“In this work, there’s explicit genital imagery that’s combined with physiological images, sacred images, and images from nature,” Schneemann points out, as our conversation turns back to Fresh Blood - A Dream Morphology. The project, which will be on view at P.P.O.W, has taken the form of a lecture about taboos accompanied by a dynamic, pulsating video projection. Its goal is to emphasize female sexual pleasure as normative, as opposed to secret, shunned, or second-rate—the go-to responses to female eroticism in the early 1980s, when Schneemann began the piece. “It’s part of my sustained attempt to demystify the female genital experience, acknowledge it as something various, positive, and alive, instead of a some dead envelope to be torn apart or penetrated.”
Schneemann has been grappling with Trump’s perspective, and those similar to it, which homogenize and objectify women, since her youth in rural Pennsylvania. “When I was young, living in the country, the biggest compliment I could get was a boy saying, ‘When we grow up, will you breed my babies?’” Schneemann recalls. “I think that idea—that women have the power to procreate—still underlies the need to control and possess by male culture.”
It was in the 1960s, when Schneemann found herself ensconced in New York’s male-dominated avant-garde scene, that her frustration with this brand of deep-seated sexism was converted into art. By that time, she had left Pennsylvania and the traditional path her father had arranged for her. “My wonderful father refused to send me to college for art; he was afraid that I wouldn’t be a normal girl. And I wasn’t, I got lucky,” she laughs. Yet even though downtown Manhattan was rife with creative experimentation and the burgeoning organization of feminism, Schneemann didn’t feel particularly accepted there either. Some of her most pioneering works, like Meat Joy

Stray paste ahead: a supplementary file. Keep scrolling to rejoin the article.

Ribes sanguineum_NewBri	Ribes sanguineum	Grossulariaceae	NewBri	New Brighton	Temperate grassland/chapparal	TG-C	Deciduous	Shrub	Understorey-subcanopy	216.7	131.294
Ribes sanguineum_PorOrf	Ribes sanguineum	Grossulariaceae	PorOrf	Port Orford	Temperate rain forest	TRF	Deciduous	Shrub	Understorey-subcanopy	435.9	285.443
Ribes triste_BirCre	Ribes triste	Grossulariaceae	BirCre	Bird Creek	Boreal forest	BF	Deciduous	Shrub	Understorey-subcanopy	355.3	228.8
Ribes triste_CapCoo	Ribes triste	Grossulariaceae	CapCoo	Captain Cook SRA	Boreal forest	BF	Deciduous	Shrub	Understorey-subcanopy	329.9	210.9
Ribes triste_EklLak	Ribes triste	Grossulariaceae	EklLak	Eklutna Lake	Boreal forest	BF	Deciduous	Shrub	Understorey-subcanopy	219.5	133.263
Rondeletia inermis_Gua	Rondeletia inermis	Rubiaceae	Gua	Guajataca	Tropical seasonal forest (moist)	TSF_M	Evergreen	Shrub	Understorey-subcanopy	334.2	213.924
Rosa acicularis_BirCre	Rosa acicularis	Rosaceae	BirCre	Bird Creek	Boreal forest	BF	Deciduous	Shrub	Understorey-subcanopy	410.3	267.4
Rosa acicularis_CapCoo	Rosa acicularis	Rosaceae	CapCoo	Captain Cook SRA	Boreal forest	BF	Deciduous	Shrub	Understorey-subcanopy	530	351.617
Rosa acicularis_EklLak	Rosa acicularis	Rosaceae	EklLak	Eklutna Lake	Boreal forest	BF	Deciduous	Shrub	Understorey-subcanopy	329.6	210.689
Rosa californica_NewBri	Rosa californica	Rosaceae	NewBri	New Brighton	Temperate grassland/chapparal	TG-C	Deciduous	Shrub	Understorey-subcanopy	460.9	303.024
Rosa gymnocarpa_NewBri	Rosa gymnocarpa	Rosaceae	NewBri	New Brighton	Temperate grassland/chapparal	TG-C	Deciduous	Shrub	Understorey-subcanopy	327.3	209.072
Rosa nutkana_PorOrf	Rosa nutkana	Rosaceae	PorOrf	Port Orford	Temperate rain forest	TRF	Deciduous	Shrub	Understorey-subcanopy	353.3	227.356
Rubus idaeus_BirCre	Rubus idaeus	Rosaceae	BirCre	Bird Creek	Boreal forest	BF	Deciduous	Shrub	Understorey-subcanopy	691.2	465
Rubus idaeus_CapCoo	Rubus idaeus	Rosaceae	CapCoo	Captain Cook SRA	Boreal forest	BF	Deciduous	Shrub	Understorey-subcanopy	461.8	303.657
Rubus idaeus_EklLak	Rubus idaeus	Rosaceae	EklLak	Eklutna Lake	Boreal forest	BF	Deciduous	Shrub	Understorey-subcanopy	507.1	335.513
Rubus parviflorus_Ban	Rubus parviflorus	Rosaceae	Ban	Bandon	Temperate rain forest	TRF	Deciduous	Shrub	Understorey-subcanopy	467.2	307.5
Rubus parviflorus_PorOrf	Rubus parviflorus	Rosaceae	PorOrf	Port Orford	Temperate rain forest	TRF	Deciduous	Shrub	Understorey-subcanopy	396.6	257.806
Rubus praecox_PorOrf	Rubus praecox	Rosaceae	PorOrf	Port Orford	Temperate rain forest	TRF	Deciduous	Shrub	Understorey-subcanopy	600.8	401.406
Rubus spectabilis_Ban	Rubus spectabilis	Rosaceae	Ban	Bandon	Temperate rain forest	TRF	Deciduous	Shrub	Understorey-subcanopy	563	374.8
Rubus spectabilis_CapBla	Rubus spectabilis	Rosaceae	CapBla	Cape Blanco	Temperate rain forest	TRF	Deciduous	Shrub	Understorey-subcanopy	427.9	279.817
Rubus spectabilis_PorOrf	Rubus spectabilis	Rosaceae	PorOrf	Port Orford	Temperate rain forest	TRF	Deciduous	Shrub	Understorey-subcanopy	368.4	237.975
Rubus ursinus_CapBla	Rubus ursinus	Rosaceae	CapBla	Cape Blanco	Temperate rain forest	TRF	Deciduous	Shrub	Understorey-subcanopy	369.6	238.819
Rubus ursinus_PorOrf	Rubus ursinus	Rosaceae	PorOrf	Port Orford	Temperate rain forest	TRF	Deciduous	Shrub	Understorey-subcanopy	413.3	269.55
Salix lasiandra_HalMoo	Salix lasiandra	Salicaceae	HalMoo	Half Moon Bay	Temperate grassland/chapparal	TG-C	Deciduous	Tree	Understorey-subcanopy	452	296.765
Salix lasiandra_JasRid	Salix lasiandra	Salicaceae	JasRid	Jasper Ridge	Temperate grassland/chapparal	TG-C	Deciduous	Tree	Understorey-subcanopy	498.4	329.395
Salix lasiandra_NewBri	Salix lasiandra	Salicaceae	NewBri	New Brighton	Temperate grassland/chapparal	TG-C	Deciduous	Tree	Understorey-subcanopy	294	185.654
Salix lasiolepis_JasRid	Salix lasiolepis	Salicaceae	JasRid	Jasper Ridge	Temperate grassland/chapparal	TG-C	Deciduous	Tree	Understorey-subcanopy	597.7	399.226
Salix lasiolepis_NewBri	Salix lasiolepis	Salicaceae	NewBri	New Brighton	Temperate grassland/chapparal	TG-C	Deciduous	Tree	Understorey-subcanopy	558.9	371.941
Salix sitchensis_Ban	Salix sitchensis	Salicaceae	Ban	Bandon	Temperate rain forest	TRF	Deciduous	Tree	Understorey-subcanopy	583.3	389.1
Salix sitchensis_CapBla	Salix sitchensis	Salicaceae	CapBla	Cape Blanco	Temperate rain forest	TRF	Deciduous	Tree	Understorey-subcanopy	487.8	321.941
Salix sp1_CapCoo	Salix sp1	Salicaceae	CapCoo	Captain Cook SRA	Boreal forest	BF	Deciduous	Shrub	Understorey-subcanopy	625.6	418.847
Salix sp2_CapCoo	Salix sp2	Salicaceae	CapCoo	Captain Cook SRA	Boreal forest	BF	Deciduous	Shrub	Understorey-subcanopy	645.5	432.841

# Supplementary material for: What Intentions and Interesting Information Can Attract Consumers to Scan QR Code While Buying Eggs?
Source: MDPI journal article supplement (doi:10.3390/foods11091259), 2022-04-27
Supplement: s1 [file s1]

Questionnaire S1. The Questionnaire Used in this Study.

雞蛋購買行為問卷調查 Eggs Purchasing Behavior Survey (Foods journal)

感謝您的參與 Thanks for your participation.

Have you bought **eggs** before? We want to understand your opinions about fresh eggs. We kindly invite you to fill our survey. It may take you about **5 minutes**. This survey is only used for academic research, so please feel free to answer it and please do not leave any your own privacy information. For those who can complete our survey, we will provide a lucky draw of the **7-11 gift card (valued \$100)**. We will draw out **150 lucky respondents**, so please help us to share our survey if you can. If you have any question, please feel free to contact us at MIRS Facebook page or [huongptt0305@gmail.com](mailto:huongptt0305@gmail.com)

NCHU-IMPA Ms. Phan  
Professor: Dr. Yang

(1964)—using her naked body in lieu of the “phallic” brush that “belonged to
male endeavor,” she’s explained
—were originally maligned by ardent feminists and big-name galleries alike, who were both, for different reasons, uncomfortable with her use of eroticism.